Table 1 List of testing targets for the semi-blind modelling approach and respective similar targets on the training set.

For the Baseline QSAR models, the final model statistics (Table 2) were computed as a weighted average of the individual model statistics. On the other hand, for the unified models, since the proportion of ligands for different targets might vary significantly between training and test sets, an extended cross-validation procedure was adopted, as the same general model architecture selected, was fitted to different data partitions and validated separately. The process was repeated 10 times, and the results represent an average of all results. In the blind and semi-blind approaches, this would naturally not be an issue, and the validation was conducted using all the bioactivities from targets that were not used for training.

Aggregated results of the four approaches are presented in Table 2. Full results can be found in the Supplementary Information. As expected, the baseline models, having the advantage of being fit with direct knowledge of each protein target, generally exhibit slightly better performance. On the other hand, the unified model, which does not require separate models, show impressive precision in its inference results, averaging just slightly below the QSAR models. This in itself reveals that the approach followed and the protein structure representation used was capable of identifying structural relationships between ligands and targets, strongly suggesting that the proposed approach can effectively capture protein-ligand relationships and yield results comparable to those obtained using traditional QSAR approaches.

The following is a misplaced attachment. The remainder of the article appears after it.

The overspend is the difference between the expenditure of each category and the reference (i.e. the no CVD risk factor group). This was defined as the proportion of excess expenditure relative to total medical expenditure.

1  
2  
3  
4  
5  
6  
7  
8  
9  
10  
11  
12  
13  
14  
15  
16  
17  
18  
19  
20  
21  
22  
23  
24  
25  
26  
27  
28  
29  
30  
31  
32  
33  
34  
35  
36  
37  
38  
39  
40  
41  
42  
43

Table 2 Results of all modeling approaches - RMSE - corresponds to the Root Mean Squared Errors of all predictions; RVE is the weighted average of the Ratio of the Variance Explained.

It is possible to have a more encompassing view of of how the baseline models compare to the unified model in Fig. 4, where the results for all 144 targets are presented. The scatter plots represent the model results for RVE and RMSE for all 144 targets tested on the Baseline models versus the Unified model. It is possible to verify that in general difficult models for QSAR show similar behavior when compared to the unified model. Yet, there are several models that appear significantly to the left of the 45\(^{\circ }\) line. For these targets, there is an obvious benefit in the usage of the Unified approach, where the protein structural data coupled with a much larger training data set have an expected quality better than the counterpart QSAR models. This suggests that the larger database used to make the models and the inclusion of structural information for these targets positively impacted the prediction of pKi. The box plots in the same figure illustrate the general behavior of the models for each of the individual protein target. For the RVE, the QSAR-based approach reached a median of 0.658, just slightly above 0.641 for the Unified model. Additionally, it can further be verified that there are much more low-performance outliers in the baseline models, evident in the large trail of target predictions with very low RVE and consequently high RMSE values, reinforcing the idea that the information contained in the protein structure representation is capable of aiding in the prediction results of difficult targets to model.